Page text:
INHALATION of smoke, not nicotine, is the culprit that causes smoking-related deaths and diseases, according to a Canadian health expert.
Professor David T. Sweanor, chair of the advisory board of the Centre for Health Law, Policy & Ethics at the University of Ottawa, said for anyone wishing to tackle the global toll of 20,000 lives a day lost due to cigarette smoking, one needs to remember four words: "it’s the smoke, stupid."
He stressed that contrary to popular belief, nicotine is not the substance that causes these deaths, adding that the primary cause of the cancers, heart and lung disease is the repeated inhalation of smoke.
The professor made the distinction to differentiate the risk profile of non-combustible alternatives (NCAs) like vapes, heated tobacco products (HTPs) and oral products like Sweden’s snus, which deliver nicotine without burning tobacco. He said by eliminating combustion or the burning process, these innovative products provide smokers with less harmful alternatives to smoking.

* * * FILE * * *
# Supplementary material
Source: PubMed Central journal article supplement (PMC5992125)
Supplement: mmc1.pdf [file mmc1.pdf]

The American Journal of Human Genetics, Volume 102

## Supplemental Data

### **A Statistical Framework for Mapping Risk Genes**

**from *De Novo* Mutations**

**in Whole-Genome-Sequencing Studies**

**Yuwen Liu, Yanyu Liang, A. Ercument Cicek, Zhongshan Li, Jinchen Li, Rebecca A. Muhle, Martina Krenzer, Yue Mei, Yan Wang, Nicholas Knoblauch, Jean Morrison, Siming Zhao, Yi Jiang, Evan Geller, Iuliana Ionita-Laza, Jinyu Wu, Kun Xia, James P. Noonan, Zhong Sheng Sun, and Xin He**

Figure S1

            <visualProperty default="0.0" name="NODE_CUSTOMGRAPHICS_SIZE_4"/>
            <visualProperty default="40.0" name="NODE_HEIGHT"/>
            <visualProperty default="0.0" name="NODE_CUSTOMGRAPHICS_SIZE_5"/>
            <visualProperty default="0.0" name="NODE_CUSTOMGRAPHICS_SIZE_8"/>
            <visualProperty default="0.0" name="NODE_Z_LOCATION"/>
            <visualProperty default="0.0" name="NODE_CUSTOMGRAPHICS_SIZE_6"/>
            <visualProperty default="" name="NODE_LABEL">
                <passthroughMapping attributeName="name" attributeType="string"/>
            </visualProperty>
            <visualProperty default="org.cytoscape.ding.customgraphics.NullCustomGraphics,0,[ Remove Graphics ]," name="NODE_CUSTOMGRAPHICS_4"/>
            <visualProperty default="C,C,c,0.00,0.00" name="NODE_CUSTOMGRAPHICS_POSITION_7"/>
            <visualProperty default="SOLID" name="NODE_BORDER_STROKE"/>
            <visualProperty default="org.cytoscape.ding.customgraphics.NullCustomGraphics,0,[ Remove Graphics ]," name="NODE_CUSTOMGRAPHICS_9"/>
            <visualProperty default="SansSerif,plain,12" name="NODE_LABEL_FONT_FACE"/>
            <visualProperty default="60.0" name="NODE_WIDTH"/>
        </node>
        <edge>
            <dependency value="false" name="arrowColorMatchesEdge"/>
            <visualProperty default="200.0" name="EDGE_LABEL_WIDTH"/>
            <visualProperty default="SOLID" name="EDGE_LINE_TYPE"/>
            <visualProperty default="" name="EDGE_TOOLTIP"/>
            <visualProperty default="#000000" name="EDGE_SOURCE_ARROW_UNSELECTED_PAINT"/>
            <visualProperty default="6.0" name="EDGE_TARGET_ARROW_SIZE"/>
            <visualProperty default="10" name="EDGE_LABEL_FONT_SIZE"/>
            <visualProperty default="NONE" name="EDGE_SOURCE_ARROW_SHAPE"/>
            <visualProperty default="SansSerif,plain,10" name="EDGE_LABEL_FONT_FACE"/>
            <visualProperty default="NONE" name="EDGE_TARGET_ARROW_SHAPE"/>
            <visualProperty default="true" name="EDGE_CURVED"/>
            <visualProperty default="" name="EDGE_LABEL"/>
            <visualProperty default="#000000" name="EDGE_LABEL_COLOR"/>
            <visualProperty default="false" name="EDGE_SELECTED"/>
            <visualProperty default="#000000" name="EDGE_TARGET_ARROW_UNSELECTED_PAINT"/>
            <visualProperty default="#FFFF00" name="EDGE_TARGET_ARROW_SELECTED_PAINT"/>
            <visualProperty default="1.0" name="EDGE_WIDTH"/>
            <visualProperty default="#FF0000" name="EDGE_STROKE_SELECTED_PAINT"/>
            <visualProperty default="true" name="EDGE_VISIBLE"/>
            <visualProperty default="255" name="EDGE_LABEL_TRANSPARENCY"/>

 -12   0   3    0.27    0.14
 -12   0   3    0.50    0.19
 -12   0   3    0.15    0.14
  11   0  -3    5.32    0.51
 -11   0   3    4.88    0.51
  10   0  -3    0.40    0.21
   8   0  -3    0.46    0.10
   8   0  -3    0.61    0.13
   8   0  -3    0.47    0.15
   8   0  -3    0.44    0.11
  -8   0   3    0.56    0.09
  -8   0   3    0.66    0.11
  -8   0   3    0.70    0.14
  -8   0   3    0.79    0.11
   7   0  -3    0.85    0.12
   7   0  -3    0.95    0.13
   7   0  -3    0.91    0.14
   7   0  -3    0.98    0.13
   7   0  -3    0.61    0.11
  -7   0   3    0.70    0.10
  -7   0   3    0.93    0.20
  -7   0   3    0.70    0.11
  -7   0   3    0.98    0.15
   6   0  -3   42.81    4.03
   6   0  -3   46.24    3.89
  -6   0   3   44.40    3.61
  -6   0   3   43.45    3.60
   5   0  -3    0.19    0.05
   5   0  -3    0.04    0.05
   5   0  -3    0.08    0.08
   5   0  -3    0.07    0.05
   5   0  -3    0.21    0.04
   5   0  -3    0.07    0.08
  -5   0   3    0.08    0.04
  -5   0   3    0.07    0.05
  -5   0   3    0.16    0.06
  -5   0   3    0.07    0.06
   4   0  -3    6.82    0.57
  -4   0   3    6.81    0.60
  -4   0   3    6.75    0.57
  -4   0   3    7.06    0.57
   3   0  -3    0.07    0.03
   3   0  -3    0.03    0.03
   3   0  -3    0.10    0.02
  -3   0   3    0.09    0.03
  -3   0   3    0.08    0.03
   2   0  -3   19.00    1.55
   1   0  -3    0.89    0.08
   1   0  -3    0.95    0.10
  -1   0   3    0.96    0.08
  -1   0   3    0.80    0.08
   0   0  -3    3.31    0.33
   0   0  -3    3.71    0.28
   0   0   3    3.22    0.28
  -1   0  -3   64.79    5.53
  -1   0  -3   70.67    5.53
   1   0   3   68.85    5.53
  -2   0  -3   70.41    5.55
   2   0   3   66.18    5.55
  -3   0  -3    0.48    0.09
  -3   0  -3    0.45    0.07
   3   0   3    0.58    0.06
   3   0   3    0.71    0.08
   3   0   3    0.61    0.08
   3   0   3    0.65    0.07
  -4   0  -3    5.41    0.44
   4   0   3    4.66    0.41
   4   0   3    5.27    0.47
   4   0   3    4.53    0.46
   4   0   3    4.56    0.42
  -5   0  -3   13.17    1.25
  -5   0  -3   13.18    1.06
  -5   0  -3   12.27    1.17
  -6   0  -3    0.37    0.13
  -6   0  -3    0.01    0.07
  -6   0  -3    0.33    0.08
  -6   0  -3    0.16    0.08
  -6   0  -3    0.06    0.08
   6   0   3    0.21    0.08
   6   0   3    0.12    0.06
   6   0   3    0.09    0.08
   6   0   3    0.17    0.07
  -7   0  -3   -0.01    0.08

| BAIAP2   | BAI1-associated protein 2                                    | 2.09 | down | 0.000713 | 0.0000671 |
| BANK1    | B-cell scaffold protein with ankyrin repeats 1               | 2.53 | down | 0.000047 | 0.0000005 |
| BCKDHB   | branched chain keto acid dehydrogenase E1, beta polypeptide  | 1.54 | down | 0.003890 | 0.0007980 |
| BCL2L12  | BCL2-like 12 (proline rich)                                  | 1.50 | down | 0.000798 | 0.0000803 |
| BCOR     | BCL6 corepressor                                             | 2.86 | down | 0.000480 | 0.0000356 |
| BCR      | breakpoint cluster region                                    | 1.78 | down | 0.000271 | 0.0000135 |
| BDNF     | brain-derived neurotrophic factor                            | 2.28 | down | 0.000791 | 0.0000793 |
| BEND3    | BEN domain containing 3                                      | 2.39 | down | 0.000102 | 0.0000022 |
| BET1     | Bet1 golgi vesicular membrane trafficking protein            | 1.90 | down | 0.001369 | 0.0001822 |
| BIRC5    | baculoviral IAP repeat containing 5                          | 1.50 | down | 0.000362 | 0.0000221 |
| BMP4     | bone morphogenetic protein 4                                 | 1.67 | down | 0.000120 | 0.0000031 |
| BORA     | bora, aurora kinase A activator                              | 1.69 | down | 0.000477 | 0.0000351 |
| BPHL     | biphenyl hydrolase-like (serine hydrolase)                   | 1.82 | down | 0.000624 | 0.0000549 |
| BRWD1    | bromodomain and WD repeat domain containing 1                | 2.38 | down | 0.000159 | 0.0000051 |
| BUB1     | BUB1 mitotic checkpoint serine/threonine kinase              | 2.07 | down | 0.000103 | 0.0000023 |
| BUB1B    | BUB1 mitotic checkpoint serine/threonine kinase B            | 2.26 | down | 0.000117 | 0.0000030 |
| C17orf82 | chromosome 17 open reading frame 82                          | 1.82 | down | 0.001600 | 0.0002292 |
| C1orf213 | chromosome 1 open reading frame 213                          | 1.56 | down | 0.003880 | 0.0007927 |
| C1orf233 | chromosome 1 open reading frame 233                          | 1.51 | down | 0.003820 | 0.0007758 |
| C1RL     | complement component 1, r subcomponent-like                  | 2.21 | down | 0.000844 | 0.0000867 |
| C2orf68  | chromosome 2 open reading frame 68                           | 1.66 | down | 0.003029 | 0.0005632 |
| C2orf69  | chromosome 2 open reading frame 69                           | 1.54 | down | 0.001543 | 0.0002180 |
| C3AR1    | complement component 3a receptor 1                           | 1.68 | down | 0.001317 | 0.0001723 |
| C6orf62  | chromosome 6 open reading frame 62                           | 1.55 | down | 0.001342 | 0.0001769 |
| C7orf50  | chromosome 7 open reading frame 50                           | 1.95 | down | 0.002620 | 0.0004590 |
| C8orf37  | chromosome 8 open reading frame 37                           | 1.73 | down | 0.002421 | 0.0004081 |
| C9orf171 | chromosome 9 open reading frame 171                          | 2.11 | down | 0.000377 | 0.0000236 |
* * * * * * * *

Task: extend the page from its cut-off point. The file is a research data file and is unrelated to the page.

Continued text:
Sweanor said the human body is simply not designed to inhale smoke. It is the tar from combustion and not nicotine that contains carcinogens and toxicants.
He likened nicotine to caffeine, saying it is a psychoactive substance that is addictive and gives assorted benefits to many users.
He, however, noted that by themselves, neither have significant health risks when used at normal dosage levels. If obtained through a toxic delivery system such as smoking, great injury can be caused.
Sweanor said making NCAs available to countries such as the Philippines will help millions of smokers reduce their exposure to smoke and illnesses.
Mounting evidence from scientific studies around the world confirms that NCAs are significantly less harmful than traditional cigarettes. According to Public Health England and the Royal College of Physicians, e-cigarettes are at least 95 percent less harmful to humans than combustible tobacco.
A February 2019 clinical trial by UK’s National Institute for Health Research found that e-cigarette was twice as effective as nicotine replacement treatments such as patches and gum at helping smokers quit.
NCAs offer a similar ritual and pleasure as cigarettes with less exposure to the dangerous toxins and carcinogens found in tobacco smoke.
Citing Japan’s experience, Sweanor said it reduced cigarette sales by more than 30 percent in just over three years following the introduction of HTPs.
He noted, however, that many governments cannot keep up with the advances in science and technology.